First off, lets understand what cookies are. A basic cookie is a piece of data from a website that is stored within a web browser that the website can retrieve at a later time. Cookies are used to tell the server that users have returned to a particular website.
Should you accept cookies from websites? If you worry about this, here is a rule to live by: if you are entering private information on a website, and you are asked to accept their cookies, it is best to decline because your personal information could be used to access your accounts for example, your bank account.
All You Need to Know About Third-Party Cookies
First-party cookies are stored under the same domain you are currently visiting. So, if you are on example.com, all cookies stored under this domain are considered first-party cookies. Those cookies are usually used to identify a user between pages, remember selected preferences, or store your shopping cart. You can hardly find a website nowadays that does not use first-party cookies.
Third-party cookies, as explained before, are cookies that are stored under a different domain than you are currently visiting. They are mostly used to track users between websites and display more relevant ads between websites. Another good example is a support chat functionality provided by a 3rd party service.
Second-party cookies are a questionable topic. Some people might say they don’t exist at all. In general, second-party data is some first-party data shared between partners. In this sense, second-party cookies are just part of that data related to cookies.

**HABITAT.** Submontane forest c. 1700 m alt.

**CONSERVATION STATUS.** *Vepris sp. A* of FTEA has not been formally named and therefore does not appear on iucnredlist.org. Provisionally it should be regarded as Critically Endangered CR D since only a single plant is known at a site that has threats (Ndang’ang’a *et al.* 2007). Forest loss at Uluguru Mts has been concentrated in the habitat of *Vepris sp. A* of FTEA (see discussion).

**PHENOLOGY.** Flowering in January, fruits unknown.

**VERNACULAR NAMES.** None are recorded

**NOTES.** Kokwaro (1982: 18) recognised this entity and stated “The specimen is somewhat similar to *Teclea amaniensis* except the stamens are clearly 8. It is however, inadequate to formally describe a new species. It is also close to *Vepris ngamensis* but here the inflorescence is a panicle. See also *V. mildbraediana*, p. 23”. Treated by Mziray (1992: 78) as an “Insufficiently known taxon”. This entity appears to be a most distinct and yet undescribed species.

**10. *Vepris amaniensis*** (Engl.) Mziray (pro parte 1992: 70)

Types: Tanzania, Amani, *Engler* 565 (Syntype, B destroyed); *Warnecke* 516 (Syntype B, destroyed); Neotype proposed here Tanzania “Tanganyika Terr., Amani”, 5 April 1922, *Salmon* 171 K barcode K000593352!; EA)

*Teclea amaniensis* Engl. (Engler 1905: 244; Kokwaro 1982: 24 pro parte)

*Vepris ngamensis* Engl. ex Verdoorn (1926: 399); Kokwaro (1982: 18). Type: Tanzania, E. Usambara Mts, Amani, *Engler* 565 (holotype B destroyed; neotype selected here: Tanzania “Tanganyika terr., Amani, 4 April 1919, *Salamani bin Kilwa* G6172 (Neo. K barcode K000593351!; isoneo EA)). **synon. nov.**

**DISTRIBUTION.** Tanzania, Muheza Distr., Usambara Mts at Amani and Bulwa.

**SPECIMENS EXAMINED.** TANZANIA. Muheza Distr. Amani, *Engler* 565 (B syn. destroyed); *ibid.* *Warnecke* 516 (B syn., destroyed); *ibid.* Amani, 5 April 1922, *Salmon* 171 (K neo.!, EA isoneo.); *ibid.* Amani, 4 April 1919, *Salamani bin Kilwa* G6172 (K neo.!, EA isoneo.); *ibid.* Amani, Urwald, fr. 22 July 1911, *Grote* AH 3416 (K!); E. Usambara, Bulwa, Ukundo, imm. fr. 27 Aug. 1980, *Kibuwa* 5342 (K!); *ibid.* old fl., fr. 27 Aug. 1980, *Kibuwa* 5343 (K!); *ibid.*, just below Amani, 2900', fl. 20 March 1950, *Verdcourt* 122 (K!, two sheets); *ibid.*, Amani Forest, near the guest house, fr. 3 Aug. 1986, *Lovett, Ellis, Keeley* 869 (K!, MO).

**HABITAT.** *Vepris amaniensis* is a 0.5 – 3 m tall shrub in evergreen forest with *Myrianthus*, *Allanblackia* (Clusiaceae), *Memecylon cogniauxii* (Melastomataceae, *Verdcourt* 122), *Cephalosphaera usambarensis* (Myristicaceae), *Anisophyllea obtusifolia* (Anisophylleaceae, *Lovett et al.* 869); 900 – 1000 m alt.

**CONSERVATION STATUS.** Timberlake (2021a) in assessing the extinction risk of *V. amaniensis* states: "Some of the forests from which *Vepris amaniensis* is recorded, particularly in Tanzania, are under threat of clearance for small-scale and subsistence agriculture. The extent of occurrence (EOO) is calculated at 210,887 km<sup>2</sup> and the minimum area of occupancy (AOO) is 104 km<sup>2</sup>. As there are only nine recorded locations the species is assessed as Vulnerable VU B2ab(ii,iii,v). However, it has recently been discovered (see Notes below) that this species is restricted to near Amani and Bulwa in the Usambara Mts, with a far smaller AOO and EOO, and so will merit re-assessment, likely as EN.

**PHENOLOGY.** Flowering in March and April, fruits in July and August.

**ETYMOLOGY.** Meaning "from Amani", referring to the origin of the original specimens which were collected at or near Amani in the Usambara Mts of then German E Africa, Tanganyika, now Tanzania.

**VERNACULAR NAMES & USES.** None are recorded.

Are Third-Party cookies actually useful? Since the late 1990s, online marketers have built their businesses on the ability to track online users and then target them with advertisements, and much of this has been through the use of third-party cookies. Let’s play “devil’s advocate” for a moment. Could third-party cookies actually be useful for users? In a way, yes. The two largest online advertising firms, Google Ads and AdSense, make a valid point that 3rd party cookies are useful to consumers as they create advertisements that are in line with individual interests. After all, if you are forced to see the ads, it’s better if they are related to your interests.
The end of Third-Party Cookies
With the passage of CCPA, ePR, and GDPR, governments are seeking to protect the privacy rights of website users. These laws and regulations create civil and/or criminal penalties for those that fail to notify web users of the presence of cookies. These regulations also require website operators to let users know what information is being collected and to whom this information is shared, along with a way to opt out at any time.
Third-party cookies’ days are numbered. Pressure from regulators and consumers has led many within the tech industry to declare third-party cookies (and the targeted ads fueled by them) will soon come to an end. Apple’s Safari and Mozilla’s Firefox now block 3rd party cookies by default. One notable holdout is Google Chrome, which has a commanding 67% of browser market share.